Tag: Laura Van den Berg

Diving into the Wreck: An Interview with Laura van den Berg

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Laura C2Laura van den Berg’s second collection of stories, The Isle of Youth, will be remembered as the one that catapulted her from indie-press steerage to first-class cruising with contemporaries Karen Russell, Josh Weil, Alissa Nutting, and Adele Waldman. Not that her first collection, What the World Will Look Like When All the Water Leaves Us, was overlooked; it was a Barnes & Noble “Discover Great New Writers” selection, longlisted for The Story Prize, and shortlisted for the Frank O’Connor International Award. The Florida-born van den Berg, who spent several years teaching in Baltimore before moving to Boston with novelist and husband Paul Yoon earlier this year, is returning to the Charm City to read from Isle with novelist Katharine Noel on January 7th.  Jen Michalski, host of Starts Here! (the new Ivy Bookshop reading series held at Artifact Coffee), interviewed van den Berg about the rather-human islands that populate her work.–van den Berg reads with Katharine Noel at the Artifact Coffee, Tuesday, January 7th at 7 p.m.–visit the Ivy Bookshop’s website for more information.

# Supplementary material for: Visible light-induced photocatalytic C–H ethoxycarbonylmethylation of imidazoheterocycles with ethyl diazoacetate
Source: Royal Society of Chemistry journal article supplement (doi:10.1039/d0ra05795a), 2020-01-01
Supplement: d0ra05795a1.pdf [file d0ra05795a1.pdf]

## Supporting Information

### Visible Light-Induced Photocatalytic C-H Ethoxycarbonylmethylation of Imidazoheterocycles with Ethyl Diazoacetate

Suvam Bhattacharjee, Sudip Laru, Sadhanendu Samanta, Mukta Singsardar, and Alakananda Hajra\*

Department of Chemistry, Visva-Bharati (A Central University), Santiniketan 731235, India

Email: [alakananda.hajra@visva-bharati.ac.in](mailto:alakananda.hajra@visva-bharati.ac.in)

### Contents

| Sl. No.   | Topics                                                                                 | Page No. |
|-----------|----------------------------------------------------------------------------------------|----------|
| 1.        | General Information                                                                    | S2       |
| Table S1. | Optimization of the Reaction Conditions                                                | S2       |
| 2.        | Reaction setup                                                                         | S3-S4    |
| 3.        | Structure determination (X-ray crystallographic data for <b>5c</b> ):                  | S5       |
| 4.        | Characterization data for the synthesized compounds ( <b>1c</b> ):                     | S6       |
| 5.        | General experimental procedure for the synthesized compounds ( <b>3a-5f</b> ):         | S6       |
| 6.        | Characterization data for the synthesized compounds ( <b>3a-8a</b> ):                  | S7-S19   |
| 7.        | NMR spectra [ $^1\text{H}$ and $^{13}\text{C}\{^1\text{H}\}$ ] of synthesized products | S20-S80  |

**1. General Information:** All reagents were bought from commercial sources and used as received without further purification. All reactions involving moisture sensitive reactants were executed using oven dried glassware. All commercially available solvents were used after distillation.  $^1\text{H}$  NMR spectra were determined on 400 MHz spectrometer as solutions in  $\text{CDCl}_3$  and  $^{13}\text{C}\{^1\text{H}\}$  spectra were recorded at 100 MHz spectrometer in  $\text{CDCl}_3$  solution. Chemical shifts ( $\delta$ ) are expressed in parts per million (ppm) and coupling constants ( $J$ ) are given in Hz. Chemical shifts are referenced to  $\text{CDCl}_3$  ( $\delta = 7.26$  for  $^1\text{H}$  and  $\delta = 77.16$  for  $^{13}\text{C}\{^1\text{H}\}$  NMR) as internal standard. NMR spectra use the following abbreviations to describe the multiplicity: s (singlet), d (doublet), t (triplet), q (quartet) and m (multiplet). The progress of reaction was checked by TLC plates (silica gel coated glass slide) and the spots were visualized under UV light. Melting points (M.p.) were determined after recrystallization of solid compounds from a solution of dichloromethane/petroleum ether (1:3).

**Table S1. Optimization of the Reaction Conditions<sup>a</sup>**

The Baltimore Lit Parade for October: Three Troubled Policemen, “13 Girls,” and van den Berg’s Scary-Good Book Deal

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Just in time for Halloween, the second installment of writer Joseph Martin’s column features bloody true-crime fiction by local authors, WORMS, and more frightfully cool lit scene news.

Much as we tend to play up our Hon Blievers, Book Things, and park-laden, neurosis-free psyche, few towns teem with morbid curiosity quite like Charm City.  From Mr. Poe’s C. Auguste Dupin and Dashiell Hammett’s Sam Spade up through David Simon’s “The Wire” cast and The Sun’s exquisite police blotter, Baltimore has long produced fictive body exhumers and, perhaps more, an audience smitten with the dusty, matchlit corners of criminal activity.  White flight, abandoned neighborhoods, and a lately discarded status as America’s murder capital underpin residents’ understanding of home; unsurprisingly, a rabid local market exists for true crime and its clinical, fact-bearing explication. Building on its author’s near-decade in the local police department, Michael A. Wood, Jr.’s Eliot (self-published) honors that curiosity, hitting very Baltimorean forensic notes even as it serves up a shaggy genre thriller.